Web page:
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Shaming is a form of social punishment with the explicit intention of making the target feel ashamed.

Being shamed Edit

To shame is to induce shame in others by attacking or destroying the personal dignity of a person or a group. Shame can be induced verbally by ridicule, name-calling or publically exposing a person's or a groups vulnerability or weakness; and physically by assault, rape, and beating. Shaming actions attack and diminish the human dignity of a person or group and separates them from the human family.

When someone says "You ought to be ashamed of yourself", they often mean that the target did something that they believe, rightly or wrongly, to be shameful. Sometimes shortened to "Shame on you." this form of shaming shames the target as a human being, rather than the deed itself.

Shaming attacks human dignity. Since shame is a complicated and often taboo condition, people often confuse shame with guilt (see guilt and explanations below) when they shame others. In addition, for those who care about human dignity, it is always important to separate false condemnation from genuine guilt as specious shame is often used as form of relational aggression against innocent people.

Shame campaign Edit

A shame campaign is a tactic in which particular individuals are singled out because of their behavior or suspected crimes, often by marking them publicly, such as Hester Prynne in Nathaniel Hawthorne's The Scarlet Letter. In the Philippines, Alfredo Lim popularized such tactics during his term as mayor of Manila. On July 1, 1997, he began a controversial "spray paint shame campaign” in an effort to stop drug use. He and his team sprayed bright red paint on two hundred squatter houses whose residents had been charged, but not yet convicted, of selling prohibited substances. Officials of other municipalities followed suit. Former Senator Rene A. Saguisag condemned Lim’s policy.[1]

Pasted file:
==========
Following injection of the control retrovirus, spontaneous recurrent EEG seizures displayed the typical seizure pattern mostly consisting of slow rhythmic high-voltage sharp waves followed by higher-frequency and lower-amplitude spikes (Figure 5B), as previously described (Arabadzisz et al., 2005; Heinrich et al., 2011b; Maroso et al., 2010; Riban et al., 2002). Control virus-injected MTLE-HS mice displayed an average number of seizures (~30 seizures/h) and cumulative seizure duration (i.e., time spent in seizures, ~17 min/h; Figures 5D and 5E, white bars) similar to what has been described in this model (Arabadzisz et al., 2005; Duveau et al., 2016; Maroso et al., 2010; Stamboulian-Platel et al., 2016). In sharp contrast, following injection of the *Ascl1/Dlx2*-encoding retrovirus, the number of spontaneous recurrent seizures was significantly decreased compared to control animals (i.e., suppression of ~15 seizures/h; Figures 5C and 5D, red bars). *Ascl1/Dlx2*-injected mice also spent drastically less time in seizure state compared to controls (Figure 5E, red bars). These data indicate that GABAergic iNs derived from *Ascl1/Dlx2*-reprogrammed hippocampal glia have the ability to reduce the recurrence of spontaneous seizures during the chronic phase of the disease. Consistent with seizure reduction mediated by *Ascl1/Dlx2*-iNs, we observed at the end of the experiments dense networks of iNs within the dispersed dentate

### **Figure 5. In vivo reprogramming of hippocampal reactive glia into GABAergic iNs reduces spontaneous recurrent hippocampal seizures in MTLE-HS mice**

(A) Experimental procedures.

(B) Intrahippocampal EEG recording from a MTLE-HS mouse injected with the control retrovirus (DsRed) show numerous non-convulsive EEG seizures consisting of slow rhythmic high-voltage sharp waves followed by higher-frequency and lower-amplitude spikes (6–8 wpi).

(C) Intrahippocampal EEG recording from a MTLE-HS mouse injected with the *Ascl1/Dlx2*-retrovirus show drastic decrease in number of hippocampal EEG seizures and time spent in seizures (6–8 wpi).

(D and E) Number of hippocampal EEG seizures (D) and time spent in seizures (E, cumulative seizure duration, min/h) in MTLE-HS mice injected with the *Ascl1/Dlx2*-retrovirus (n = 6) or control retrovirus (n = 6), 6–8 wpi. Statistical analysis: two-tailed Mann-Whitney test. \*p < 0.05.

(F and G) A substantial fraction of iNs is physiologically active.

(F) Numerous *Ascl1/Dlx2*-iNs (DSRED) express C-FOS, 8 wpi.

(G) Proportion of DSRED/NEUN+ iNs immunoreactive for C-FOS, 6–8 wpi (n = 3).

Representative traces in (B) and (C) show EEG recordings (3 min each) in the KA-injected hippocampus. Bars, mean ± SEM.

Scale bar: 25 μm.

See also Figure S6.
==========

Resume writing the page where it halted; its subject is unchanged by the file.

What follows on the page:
Despite this criticism, the shame campaigns continued. In January 2005, Metro Manila Development Authority Chair Bayani Fernando announced shame campaign to target jaywalkers by splashing them with wet rags. Sen. Richard Gordon disagreed with the shame tactic, and Rep. Vincent Crisologo called this approach "martial law tactics". Rep. Rozzano Rufino Biazon argued jaywalkers were being treated like cattle.[2][3]

See alsoEdit


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